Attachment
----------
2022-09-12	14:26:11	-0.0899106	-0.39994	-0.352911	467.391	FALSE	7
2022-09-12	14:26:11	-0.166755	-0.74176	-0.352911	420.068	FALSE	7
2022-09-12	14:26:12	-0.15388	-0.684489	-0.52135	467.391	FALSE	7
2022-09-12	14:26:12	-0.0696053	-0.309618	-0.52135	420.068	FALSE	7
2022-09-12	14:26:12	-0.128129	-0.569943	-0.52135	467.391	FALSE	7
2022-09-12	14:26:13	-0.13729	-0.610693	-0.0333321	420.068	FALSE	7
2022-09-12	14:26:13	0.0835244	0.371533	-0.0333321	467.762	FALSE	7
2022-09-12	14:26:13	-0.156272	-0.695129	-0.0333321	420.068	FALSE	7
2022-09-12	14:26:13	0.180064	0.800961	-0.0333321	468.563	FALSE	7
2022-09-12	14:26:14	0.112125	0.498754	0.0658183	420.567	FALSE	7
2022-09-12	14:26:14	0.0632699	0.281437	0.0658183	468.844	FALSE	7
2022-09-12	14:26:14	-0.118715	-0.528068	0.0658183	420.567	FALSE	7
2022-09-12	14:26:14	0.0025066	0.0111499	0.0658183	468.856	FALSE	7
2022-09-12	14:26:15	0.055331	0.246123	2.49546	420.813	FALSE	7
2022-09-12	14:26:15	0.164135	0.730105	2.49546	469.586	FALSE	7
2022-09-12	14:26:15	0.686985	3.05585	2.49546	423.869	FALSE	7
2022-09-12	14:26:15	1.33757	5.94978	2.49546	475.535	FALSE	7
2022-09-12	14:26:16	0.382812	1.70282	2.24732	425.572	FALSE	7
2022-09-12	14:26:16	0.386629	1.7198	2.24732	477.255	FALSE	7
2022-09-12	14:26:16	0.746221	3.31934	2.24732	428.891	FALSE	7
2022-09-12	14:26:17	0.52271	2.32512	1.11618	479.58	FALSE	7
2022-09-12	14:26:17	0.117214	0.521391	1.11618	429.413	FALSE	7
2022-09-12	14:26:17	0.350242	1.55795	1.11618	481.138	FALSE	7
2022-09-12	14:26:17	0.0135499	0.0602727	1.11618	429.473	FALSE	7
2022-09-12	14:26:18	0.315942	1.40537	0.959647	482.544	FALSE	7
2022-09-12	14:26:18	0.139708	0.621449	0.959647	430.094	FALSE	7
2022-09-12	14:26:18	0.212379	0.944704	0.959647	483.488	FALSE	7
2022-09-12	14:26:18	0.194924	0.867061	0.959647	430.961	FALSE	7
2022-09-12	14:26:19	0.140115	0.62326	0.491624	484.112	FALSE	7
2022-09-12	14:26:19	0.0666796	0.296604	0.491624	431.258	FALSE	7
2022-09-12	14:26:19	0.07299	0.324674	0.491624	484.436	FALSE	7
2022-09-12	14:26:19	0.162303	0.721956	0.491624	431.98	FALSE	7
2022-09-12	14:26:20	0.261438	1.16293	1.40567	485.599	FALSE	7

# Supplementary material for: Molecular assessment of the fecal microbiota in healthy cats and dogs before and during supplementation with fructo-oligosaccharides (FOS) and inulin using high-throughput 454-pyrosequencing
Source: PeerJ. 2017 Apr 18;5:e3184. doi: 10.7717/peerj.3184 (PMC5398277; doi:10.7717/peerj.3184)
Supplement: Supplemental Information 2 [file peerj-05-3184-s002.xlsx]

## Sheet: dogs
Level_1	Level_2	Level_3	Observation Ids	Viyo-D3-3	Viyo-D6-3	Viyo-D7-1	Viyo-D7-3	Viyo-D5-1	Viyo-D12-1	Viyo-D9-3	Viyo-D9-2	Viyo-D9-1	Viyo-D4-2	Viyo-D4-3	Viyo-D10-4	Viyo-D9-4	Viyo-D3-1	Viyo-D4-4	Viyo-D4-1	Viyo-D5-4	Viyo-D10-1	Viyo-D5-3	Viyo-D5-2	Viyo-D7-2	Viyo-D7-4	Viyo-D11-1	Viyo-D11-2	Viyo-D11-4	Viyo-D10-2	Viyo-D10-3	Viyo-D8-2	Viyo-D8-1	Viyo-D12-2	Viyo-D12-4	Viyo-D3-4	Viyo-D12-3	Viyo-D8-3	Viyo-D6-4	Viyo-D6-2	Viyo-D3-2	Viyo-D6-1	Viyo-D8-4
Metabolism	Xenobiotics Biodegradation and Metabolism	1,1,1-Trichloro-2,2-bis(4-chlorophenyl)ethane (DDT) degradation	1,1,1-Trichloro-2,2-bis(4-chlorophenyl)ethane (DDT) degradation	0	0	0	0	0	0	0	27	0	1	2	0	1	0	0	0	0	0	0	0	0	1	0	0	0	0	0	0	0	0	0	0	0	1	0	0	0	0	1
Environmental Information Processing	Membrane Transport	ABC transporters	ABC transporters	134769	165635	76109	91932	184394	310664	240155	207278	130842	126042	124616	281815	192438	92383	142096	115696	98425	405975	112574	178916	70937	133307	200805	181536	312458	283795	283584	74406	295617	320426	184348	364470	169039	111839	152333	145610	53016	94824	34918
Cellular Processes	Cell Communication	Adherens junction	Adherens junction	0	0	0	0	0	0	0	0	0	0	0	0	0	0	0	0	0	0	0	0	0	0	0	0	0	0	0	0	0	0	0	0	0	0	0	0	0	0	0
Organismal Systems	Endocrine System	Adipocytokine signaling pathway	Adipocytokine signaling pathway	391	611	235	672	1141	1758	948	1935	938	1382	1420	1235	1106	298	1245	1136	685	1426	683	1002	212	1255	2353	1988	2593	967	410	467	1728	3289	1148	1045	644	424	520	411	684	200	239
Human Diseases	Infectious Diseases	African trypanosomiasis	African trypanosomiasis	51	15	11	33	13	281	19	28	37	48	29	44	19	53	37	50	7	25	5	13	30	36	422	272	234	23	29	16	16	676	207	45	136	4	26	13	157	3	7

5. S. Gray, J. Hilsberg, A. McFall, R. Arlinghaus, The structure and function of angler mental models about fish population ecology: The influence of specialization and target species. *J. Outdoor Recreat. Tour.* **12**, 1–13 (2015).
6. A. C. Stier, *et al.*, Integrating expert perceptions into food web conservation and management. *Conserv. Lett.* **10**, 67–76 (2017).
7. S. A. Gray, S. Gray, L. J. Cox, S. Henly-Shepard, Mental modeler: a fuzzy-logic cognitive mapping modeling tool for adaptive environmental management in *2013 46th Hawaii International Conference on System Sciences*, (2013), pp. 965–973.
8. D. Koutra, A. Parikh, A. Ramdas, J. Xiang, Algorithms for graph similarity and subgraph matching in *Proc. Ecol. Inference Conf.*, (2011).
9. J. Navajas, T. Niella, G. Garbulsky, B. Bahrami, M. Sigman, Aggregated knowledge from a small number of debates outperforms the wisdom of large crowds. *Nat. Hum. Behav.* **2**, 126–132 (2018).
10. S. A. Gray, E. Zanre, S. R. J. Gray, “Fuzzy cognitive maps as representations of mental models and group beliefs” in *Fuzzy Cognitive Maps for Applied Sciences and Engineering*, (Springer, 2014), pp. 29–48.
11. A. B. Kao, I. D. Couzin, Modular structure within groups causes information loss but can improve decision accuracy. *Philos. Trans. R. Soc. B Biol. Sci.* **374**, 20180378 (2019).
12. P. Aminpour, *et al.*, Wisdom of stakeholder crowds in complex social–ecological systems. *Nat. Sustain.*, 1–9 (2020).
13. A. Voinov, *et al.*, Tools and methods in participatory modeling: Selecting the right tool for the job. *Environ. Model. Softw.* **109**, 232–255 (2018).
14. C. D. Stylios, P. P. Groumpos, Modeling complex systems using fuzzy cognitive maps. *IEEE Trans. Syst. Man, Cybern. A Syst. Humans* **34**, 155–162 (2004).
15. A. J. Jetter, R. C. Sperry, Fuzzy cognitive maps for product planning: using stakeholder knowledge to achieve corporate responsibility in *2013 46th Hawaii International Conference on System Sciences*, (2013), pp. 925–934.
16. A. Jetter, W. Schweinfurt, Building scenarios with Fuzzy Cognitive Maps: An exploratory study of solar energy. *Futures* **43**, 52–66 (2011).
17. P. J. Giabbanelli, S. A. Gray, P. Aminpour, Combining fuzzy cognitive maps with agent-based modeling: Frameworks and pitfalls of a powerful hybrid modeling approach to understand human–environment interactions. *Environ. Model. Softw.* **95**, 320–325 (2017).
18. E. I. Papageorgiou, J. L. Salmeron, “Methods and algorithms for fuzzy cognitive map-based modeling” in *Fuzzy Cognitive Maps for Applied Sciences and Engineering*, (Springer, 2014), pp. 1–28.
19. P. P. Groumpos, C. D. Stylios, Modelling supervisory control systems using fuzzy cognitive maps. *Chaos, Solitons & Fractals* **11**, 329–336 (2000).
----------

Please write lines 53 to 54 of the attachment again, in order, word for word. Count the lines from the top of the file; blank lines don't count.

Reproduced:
14. C. D. Stylios, P. P. Groumpos, Modeling complex systems using fuzzy cognitive maps. *IEEE Trans. Syst. Man, Cybern. A Syst. Humans* **34**, 155–162 (2004).
15. A. J. Jetter, R. C. Sperry, Fuzzy cognitive maps for product planning: using stakeholder knowledge to achieve corporate responsibility in *2013 46th Hawaii International Conference on System Sciences*, (2013), pp. 925–934.